The work of Donna Alexander (University College Cork) takes as its focus the work of another politically committed author, Claudia Rankine. As Alexander demonstrates, Rankine’s multimedial form of poetry in Citizen: An American Lyric (2014) expands the range of the lyrical form and thereby not only highlights its contemporaneity but further shows how its flexibility and openness for convergence and experimentation can be used to transgress the boundaries of a hegemonic canon. Rankine’s work is shown to actively undertake cultural work in engaging with contemporary political and cultural events and urging us towards the necessity of creating counterhistories to shatter the hegemony of the genre of the American lyric, both on a formal level and a subject level.
Finally, Keri Thomas (FE lecturer, Aberystwyth) addresses the opportunities offered by the emergence of the digital humanities as well as the pitfalls of digitisation. Thomas does not simply urge the humanities to “go with the times” and reconsider their stable ideas about the materiality of books but empathetically interrogates the anxieties connected to the loss of tactile materiality and physical experientiality, in an increasingly digital age, even as she points towards the inevitability and necessity of such developments. After highlighting the urgency of the digitisation of historical material for preserving it against the dangers of war, ecological disasters and other dangers, she holds up a mirror to humanities scholars and asks us to interrogate our own intentions and responsibilities in the digitisation process. The article addresses the shortcomings of digitisation projects which tend overwhelmingly to favour canonical works and thereby perpetuate problematic hierarchies, failing to adequately include the works of marginalised groups into the digital archives and leaving them defenceless to the danger of obliteration.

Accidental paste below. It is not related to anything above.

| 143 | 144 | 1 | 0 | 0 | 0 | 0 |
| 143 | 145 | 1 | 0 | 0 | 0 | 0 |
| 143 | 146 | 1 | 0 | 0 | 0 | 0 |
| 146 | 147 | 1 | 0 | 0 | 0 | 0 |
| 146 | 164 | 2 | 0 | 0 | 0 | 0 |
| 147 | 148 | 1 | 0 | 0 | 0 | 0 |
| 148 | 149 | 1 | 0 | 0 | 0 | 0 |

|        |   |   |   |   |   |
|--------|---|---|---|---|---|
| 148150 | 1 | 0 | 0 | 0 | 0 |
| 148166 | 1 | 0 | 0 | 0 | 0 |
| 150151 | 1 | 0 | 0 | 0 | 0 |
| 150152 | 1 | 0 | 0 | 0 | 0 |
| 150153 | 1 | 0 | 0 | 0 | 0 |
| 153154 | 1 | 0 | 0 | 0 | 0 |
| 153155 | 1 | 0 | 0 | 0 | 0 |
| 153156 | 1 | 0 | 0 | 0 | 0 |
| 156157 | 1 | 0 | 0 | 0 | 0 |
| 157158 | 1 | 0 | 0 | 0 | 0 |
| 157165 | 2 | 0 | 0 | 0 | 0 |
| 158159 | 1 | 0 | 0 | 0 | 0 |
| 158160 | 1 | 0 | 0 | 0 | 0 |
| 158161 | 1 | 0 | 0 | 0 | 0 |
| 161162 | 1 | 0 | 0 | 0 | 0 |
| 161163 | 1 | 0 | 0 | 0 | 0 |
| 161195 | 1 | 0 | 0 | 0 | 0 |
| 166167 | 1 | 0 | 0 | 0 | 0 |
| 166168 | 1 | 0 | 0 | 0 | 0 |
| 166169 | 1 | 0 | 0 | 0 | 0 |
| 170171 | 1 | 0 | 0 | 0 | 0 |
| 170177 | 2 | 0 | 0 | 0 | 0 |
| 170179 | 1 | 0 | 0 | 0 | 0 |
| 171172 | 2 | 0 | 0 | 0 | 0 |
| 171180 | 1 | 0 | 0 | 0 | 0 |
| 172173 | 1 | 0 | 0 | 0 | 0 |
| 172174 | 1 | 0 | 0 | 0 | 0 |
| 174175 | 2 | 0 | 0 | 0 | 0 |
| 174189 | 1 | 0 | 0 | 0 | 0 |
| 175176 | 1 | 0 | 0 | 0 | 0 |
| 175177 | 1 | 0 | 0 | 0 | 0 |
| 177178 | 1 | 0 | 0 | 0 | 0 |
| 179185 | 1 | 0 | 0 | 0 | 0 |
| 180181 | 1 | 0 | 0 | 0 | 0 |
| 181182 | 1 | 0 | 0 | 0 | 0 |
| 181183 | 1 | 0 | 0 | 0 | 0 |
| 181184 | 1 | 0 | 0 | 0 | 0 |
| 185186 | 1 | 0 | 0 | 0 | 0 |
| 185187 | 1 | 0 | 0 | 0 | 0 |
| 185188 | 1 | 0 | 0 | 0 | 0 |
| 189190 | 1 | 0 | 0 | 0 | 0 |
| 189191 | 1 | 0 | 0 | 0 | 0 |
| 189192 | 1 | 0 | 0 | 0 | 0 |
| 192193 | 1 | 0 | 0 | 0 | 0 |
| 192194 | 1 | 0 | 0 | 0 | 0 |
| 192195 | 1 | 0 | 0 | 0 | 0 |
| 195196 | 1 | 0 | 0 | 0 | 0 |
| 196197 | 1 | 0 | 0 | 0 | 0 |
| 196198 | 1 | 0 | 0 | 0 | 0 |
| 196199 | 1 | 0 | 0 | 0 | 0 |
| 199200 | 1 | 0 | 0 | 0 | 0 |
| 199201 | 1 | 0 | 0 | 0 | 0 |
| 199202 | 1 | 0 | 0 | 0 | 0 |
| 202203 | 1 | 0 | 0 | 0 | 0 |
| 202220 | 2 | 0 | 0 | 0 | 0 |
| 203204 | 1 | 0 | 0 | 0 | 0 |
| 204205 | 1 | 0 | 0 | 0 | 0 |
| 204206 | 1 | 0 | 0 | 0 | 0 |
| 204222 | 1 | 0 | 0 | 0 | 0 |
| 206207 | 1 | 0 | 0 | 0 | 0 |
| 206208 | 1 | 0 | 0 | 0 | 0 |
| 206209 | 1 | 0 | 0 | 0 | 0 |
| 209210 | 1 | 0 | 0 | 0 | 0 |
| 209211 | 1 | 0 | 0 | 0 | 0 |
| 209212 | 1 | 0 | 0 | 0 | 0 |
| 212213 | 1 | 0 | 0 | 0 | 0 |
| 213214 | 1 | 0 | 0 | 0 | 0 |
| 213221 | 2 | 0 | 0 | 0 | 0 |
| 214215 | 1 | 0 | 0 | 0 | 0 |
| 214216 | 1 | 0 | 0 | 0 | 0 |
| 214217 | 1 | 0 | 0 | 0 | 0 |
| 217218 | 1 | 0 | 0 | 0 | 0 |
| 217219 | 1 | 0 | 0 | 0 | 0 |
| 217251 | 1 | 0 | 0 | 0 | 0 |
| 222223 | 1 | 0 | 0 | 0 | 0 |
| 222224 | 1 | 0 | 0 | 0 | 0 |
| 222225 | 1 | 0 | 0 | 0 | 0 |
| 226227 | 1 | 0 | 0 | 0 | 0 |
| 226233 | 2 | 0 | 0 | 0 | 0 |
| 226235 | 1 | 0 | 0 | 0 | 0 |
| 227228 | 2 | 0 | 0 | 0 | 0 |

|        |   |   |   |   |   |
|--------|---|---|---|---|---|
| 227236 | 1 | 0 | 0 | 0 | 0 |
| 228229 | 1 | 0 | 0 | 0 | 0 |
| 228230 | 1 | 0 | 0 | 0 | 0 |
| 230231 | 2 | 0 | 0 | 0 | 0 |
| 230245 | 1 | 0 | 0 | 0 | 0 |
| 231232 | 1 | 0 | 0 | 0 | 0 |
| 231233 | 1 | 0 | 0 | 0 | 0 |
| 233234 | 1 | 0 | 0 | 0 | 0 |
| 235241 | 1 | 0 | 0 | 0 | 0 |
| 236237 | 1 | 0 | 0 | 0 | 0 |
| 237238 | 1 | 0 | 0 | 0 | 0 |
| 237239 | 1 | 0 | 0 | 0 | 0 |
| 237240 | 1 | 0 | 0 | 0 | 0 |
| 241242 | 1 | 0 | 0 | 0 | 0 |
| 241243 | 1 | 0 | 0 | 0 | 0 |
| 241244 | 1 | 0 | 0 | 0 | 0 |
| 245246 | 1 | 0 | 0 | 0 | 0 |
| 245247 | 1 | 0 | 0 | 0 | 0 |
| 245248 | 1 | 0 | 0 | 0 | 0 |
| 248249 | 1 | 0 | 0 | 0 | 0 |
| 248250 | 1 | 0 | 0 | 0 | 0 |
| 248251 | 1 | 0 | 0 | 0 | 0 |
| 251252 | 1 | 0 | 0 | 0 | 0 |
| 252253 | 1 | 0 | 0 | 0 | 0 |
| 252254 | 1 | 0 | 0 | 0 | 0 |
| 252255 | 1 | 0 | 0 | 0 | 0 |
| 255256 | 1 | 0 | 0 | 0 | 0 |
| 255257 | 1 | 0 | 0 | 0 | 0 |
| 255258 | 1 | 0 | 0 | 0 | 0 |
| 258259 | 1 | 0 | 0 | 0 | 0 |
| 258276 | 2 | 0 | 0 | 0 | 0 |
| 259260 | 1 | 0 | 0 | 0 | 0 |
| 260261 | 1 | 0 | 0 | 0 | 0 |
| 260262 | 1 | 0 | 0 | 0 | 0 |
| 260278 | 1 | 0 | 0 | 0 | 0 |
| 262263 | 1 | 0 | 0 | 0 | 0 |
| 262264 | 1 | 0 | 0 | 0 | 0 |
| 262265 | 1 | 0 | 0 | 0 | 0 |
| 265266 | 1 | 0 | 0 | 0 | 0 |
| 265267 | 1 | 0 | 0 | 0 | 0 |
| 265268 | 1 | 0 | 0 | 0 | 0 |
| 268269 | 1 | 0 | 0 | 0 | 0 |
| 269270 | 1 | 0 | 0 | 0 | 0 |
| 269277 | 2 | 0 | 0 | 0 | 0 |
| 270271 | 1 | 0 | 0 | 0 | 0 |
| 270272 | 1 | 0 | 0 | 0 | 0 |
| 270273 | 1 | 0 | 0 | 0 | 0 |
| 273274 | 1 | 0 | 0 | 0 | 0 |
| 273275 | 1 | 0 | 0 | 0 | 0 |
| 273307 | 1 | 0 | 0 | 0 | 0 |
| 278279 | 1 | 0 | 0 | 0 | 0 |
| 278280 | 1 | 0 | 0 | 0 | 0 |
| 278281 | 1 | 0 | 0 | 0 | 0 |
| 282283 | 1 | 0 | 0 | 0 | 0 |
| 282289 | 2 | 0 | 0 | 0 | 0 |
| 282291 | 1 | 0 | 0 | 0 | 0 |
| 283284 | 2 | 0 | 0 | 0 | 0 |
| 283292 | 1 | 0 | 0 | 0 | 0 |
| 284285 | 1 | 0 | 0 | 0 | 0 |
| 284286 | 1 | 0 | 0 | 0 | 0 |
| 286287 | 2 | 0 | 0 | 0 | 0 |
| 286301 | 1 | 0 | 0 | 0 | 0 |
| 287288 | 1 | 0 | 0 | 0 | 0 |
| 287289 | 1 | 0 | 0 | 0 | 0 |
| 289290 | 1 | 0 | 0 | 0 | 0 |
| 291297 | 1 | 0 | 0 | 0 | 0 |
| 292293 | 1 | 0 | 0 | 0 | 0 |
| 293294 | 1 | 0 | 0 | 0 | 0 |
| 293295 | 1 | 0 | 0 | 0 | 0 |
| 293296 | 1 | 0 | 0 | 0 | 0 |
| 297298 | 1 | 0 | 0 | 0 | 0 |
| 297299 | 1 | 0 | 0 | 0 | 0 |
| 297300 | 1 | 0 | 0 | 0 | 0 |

Together, these articles remind us of the role of the past in defining the contemporary. They force us to reflect upon the value of the physicality of the arts, its role in shaping our world, how we must increase access to creativity and scholarship and the wider context of a single instance in time and space. The study of the arts and further creation are both shackled and set free by the past, present, and future, ever fluid as it moulds the world in and around us.
Julia Ditter and Andreas Theodorou, “Editorial Vol. 7 No. 2’” Alluvium, 7.2 (2019): n. pag. Web. 30 April 2019. DOI: https://doi.org/10.7766/alluvium.v7.2.01
About the guest editors:
Julia Ditter recently graduated from the University of Freiburg where she completed a Master in British and North American Cultural Studies. She is working as a research assistant at the English Department as well as the CRC 948 on “Heroes – Heroisations – Heroisms” at the University of Freiburg and holds a position as teaching fellow at the University College Freiburg.She is currently preparing to embark on a PhD that will examine the entanglements between borders and ecology as represented in Scottish literature from 1800 until today.
Andreas Theodorou is an independent scholar having completed a BA and MRes in English at Liverpool John Moores University and going on to become a British Library Labs Researcher in Residence. His research observes medical and digital humanities, focusing on simulated terror and play in contemporary Gothic video-games. In his spare time, Andreas is also a culinary hobbyist, baker, and the author and artist behind Beyond the Darkness. You can tweet him @AndreasT94.